After the lump is removed, a small metal clip is placed where the lump was as a permanent marker that can be seen in any future breast ultrasound scans or mammograms to check for any recurrence.
If the new NHS trial on around 20 women is successful, the device could spare women with breast cancer from invasive surgery.
However, some doctors are concerned that this approach could leave cancer cells behind, which could then spread to other parts of the body.
‘Such a piecemeal removal of cancer has traditionally been an anathema of surgical oncologists, as it can potentially leave cancer cells behind and spread,’ says Jayant Vaidya, a professor of surgery and oncology at University College London.
‘However, research to improve cancer treatment is always welcome and the procedure could be of great value in those patients who cannot have standard surgery.’
Processed meat has been linked to a higher risk of heart-related disease.
In a review of more than 134,000 people’s diets, those who ate 150g or more of processed meat each week had a 46 per cent higher risk of heart-related disease, according to the American Journal of Clinical Nutrition.
There was no link with unprocessed meat.
Gene link to risk of ectopic pregnancy
Ectopic pregnancies, where a fertilised egg incorrectly implants outside the uterus, usually in the fallopian tubes, may have a genetic cause.
A number of factors are already known to increase the chance of an ectopic pregnancy, including muscle contractions affecting the movement of the egg.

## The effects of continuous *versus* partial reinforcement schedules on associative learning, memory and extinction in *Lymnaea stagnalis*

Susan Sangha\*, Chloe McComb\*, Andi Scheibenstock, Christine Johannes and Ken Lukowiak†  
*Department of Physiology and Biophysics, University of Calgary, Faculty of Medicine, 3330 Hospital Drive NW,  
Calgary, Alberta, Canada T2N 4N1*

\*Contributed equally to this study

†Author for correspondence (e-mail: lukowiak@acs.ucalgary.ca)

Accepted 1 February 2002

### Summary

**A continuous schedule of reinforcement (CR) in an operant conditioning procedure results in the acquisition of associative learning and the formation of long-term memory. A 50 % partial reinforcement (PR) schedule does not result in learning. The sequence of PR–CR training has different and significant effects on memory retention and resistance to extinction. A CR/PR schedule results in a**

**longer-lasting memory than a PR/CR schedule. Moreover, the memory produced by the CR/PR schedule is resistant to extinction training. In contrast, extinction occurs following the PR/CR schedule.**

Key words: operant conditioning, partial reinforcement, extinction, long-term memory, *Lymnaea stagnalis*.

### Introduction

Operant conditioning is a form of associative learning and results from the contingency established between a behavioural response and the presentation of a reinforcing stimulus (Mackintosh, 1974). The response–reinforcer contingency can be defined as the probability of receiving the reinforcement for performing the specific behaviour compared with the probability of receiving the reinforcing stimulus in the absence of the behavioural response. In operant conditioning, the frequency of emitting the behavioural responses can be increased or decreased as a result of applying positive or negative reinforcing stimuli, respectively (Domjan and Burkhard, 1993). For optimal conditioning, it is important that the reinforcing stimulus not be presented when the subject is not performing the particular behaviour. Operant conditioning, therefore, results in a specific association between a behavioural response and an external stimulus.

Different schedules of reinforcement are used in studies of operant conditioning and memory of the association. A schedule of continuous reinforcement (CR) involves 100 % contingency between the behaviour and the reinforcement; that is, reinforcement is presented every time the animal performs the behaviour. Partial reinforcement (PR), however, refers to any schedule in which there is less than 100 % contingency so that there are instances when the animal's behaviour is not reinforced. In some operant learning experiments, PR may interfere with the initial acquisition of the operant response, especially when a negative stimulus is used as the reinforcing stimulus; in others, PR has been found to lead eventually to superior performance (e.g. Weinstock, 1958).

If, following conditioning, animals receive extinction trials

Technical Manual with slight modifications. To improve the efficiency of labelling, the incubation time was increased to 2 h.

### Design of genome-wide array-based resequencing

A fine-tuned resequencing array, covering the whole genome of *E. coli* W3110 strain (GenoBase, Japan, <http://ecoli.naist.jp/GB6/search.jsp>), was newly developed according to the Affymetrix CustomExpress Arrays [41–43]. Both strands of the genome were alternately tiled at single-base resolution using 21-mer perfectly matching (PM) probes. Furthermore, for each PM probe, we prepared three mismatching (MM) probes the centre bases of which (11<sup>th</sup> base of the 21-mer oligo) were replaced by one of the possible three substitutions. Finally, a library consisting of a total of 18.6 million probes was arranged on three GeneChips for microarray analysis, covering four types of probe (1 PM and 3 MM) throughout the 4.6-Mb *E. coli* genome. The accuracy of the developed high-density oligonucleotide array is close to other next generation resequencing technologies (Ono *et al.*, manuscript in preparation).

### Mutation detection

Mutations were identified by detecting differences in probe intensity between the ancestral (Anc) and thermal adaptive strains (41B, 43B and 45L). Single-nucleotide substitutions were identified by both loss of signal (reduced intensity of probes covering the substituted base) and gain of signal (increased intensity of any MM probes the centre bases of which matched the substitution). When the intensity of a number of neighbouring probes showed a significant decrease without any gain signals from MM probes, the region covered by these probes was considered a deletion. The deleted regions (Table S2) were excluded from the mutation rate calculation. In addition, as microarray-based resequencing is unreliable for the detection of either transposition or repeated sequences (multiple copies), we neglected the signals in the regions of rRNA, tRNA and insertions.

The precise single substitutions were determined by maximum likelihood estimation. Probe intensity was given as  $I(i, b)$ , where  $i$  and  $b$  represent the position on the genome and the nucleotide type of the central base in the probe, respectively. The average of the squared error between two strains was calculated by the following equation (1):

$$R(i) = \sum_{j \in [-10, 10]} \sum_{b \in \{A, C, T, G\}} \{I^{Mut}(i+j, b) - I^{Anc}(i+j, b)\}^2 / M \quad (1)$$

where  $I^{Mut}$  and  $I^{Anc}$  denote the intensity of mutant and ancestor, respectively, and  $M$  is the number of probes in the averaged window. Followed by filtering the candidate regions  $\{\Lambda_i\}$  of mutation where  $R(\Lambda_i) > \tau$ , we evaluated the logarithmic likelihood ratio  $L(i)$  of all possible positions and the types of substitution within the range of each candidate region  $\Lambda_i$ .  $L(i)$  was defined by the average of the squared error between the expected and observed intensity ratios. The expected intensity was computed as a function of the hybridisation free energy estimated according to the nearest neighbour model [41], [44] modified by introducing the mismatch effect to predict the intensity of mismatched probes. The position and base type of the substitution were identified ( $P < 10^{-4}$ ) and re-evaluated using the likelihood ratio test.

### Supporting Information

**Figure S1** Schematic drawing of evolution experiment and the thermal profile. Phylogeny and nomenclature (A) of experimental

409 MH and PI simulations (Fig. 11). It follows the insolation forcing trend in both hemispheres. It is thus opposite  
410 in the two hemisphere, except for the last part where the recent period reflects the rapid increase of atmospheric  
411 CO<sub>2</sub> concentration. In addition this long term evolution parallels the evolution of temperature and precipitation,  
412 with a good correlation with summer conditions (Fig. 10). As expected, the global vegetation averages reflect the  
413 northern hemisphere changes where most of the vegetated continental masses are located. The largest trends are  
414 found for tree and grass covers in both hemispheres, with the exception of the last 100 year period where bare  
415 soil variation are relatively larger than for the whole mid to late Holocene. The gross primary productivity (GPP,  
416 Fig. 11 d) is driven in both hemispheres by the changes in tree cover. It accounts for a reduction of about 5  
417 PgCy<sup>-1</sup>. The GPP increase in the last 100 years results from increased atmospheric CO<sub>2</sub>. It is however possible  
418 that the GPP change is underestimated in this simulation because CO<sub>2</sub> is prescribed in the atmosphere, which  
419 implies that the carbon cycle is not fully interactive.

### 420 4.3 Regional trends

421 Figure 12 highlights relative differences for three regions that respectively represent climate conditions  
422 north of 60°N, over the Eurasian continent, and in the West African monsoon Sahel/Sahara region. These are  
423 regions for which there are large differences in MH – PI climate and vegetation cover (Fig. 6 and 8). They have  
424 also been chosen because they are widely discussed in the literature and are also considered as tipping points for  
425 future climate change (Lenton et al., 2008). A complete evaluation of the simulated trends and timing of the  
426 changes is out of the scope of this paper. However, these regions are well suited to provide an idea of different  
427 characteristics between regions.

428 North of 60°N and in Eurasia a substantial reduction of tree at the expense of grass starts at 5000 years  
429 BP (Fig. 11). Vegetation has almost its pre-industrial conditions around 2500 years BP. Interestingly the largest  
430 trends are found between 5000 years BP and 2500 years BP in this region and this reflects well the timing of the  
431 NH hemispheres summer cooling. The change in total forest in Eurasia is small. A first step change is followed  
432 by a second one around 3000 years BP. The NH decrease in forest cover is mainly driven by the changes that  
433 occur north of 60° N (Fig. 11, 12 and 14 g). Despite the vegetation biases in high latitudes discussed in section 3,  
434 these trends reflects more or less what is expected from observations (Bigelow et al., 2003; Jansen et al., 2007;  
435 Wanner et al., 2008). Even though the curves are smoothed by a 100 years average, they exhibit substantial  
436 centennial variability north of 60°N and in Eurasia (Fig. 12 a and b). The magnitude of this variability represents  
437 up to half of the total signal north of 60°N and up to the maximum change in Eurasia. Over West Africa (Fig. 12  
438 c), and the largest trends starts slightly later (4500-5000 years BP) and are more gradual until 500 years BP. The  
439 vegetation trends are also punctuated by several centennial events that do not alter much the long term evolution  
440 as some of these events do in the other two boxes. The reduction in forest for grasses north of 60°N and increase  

However, animal studies by researchers from the Wellcome Sanger Institute in Cambridge showed that a specific gene, called Adgrd1, was also responsible for embryos implanting in the wrong place.
The scientists say the finding provides strong evidence that the movement of embryos is genetically controlled.
Stomach aches may be warning of anorexia
Experiencing stomach pain between the ages of seven and nine may be a risk factor for developing eating disorders in adolescence, say scientists at Oxford University.
They found that children who had complained of abdominal pain three or more times a year were more likely to experience unhealthy eating patterns as they grew up, although five or more episodes weren’t linked to subsequent problems.
It’s thought the severity of the pain could be more significant than how often the child experienced it, reports the International Journal of Eating Disorders.
One theory is that children avoid foods they associate with stomach pain and this sets a pattern of ‘fasting’ that could lead to anorexia.
‘Jelly’ made of patient’s blood for heart disease
A man-made blood clot could help speed up the healing of chronic wounds.
The jelly-like material is made using the patient’s own blood mixed with kaolin powder (from clay) and the mineral calcium gluconate — both of which help seal a wound.
The elements are combined inside a mould and it takes just 12 minutes to prepare the ‘clot’, which is then placed on the area.
Wounds usually heal through scabbing, but in conditions such as diabetes, poor blood supply to the injury can slow clotting and scabbing.
The new treatment, called ActiGraft, was developed by Israel-based RedDress Medical and is currently involved in four clinical trials. It is already approved for use in the U.S.